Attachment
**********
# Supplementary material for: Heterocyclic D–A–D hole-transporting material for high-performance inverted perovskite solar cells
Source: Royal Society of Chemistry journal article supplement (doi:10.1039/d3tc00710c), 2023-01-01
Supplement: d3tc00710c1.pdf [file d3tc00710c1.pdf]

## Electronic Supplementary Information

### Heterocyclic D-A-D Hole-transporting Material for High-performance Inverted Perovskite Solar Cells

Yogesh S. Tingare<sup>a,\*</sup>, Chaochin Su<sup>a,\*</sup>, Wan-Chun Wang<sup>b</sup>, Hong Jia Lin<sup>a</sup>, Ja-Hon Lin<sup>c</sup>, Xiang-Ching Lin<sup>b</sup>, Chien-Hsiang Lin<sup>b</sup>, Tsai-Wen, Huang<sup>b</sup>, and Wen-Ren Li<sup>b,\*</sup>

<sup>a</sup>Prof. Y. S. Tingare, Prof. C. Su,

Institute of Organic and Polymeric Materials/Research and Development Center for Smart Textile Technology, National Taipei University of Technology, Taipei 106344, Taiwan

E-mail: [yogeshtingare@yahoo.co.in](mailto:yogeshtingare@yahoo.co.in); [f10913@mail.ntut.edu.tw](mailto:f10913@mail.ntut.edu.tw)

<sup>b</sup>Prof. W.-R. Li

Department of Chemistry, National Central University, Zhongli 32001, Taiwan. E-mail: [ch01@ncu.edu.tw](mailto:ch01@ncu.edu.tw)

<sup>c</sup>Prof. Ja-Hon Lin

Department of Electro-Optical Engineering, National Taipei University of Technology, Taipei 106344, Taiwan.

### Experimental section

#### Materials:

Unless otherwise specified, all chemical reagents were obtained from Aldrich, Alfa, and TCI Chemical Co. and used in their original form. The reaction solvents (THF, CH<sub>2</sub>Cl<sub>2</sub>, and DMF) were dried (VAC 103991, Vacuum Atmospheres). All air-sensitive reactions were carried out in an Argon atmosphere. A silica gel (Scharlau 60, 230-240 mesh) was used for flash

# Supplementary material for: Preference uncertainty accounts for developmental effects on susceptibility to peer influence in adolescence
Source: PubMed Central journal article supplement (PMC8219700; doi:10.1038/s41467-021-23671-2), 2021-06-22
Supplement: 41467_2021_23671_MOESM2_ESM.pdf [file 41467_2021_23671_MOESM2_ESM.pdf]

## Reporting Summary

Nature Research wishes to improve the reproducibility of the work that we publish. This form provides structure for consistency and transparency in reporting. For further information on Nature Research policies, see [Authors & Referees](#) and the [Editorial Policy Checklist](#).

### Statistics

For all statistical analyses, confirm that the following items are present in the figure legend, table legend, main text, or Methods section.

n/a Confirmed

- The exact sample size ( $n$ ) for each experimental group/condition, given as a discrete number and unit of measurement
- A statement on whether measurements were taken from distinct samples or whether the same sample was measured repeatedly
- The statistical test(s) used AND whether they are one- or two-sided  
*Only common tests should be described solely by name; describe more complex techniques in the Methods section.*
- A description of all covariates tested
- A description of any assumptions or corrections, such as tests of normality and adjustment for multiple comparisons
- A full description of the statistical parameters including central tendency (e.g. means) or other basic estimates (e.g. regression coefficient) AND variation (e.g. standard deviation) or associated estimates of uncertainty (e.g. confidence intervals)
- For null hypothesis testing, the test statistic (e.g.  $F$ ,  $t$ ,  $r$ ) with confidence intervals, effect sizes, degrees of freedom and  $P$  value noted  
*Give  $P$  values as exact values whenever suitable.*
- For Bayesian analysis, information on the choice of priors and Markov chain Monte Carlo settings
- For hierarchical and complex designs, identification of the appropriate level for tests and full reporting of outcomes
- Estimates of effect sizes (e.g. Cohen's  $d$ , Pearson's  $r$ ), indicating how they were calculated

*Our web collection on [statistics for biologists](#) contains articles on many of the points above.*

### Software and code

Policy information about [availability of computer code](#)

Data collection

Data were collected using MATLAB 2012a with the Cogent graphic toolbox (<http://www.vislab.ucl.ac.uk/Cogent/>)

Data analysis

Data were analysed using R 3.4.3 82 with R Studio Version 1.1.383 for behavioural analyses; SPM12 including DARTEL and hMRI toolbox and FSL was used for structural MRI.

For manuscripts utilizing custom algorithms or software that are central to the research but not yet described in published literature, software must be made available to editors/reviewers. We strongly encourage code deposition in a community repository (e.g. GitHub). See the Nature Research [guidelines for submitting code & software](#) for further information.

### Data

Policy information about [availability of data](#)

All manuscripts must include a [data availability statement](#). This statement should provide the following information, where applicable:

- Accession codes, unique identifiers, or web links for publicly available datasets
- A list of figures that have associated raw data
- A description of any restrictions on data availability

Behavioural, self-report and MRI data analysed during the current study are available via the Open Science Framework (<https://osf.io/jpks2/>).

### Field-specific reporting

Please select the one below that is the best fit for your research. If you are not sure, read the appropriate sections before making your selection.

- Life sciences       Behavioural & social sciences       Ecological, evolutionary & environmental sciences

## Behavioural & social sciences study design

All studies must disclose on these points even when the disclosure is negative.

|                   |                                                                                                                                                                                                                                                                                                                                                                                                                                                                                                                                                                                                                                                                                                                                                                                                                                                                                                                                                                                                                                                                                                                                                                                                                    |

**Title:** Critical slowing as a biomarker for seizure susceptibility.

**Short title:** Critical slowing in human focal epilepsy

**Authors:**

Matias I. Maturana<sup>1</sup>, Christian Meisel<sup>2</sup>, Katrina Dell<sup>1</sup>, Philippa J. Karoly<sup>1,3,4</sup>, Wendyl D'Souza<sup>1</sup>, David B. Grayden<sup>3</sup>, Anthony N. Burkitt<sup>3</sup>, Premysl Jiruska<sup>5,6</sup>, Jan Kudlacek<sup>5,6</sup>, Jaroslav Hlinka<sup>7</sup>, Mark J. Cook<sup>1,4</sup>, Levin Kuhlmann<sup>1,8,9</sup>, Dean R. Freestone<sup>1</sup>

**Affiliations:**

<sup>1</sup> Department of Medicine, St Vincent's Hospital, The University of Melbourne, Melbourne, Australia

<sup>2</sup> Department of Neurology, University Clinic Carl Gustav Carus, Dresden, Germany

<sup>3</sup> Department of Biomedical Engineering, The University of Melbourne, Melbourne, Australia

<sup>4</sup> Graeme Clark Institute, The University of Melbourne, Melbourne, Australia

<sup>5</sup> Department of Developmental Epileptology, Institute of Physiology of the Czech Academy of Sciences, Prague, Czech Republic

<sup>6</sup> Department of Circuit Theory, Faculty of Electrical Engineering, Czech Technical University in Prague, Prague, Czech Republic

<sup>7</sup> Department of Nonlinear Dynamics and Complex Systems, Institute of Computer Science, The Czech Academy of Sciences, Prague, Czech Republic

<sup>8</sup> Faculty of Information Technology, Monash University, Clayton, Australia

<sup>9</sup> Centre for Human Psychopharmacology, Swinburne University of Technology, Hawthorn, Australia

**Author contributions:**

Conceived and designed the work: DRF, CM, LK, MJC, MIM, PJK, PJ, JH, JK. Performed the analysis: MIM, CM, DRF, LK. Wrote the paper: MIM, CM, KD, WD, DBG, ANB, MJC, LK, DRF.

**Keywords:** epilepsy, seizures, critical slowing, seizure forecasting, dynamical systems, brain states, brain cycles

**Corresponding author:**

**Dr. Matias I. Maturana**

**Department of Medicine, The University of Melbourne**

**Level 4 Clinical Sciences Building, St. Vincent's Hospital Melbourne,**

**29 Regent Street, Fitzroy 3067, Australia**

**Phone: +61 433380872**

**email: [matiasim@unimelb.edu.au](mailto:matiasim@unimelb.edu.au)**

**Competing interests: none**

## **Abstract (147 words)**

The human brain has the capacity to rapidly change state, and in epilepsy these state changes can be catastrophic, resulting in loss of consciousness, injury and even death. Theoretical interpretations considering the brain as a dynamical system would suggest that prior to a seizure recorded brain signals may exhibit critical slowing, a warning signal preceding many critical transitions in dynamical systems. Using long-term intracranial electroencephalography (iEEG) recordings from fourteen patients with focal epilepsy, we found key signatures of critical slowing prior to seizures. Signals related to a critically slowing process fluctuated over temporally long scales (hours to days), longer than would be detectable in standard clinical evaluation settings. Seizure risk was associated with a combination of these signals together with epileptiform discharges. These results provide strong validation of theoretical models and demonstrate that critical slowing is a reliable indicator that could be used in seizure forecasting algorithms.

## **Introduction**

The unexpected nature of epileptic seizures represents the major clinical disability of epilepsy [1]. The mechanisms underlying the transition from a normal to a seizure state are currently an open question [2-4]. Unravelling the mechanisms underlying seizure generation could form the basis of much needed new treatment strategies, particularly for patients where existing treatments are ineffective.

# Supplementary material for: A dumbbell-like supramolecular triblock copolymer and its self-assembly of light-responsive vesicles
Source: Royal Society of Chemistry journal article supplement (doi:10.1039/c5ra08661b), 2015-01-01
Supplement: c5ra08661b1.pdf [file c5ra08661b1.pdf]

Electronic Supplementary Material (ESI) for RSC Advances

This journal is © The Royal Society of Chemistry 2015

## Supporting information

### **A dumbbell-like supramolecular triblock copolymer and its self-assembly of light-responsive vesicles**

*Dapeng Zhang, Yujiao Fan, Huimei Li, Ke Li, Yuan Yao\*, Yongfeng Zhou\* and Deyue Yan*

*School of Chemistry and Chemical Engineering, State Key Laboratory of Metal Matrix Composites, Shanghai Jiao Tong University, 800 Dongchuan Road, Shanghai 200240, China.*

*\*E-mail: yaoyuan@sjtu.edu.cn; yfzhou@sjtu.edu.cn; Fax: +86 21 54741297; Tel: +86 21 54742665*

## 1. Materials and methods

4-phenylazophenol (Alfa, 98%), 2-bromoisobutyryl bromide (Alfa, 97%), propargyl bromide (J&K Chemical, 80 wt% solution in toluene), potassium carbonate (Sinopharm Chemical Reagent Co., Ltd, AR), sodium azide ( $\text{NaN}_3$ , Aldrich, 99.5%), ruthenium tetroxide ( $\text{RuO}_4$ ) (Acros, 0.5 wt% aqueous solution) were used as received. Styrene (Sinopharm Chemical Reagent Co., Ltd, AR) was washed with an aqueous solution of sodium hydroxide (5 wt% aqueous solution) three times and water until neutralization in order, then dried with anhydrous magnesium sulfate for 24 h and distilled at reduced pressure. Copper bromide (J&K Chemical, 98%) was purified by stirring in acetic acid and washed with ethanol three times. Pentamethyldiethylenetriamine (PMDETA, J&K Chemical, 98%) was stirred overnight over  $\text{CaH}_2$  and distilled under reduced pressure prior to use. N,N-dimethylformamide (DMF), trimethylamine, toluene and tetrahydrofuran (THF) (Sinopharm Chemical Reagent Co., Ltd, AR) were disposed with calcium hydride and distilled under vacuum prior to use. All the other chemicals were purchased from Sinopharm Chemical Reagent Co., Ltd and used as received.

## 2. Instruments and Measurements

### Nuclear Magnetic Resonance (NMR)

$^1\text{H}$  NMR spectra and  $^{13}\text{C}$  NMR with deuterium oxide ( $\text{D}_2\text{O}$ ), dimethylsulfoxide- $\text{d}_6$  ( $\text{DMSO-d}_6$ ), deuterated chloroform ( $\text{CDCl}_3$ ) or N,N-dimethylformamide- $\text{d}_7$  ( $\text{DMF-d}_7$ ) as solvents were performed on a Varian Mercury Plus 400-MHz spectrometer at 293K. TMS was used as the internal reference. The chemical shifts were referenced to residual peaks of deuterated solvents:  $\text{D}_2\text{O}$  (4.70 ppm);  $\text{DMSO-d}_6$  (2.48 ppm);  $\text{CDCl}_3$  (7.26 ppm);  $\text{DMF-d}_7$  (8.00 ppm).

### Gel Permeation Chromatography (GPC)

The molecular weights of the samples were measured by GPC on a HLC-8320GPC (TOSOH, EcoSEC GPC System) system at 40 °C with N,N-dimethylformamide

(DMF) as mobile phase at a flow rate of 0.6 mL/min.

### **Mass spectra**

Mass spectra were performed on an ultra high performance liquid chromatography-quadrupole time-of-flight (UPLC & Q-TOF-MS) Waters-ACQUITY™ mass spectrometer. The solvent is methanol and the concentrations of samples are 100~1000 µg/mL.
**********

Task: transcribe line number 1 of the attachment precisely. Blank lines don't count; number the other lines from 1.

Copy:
# Supplementary material for: Heterocyclic D–A–D hole-transporting material for high-performance inverted perovskite solar cells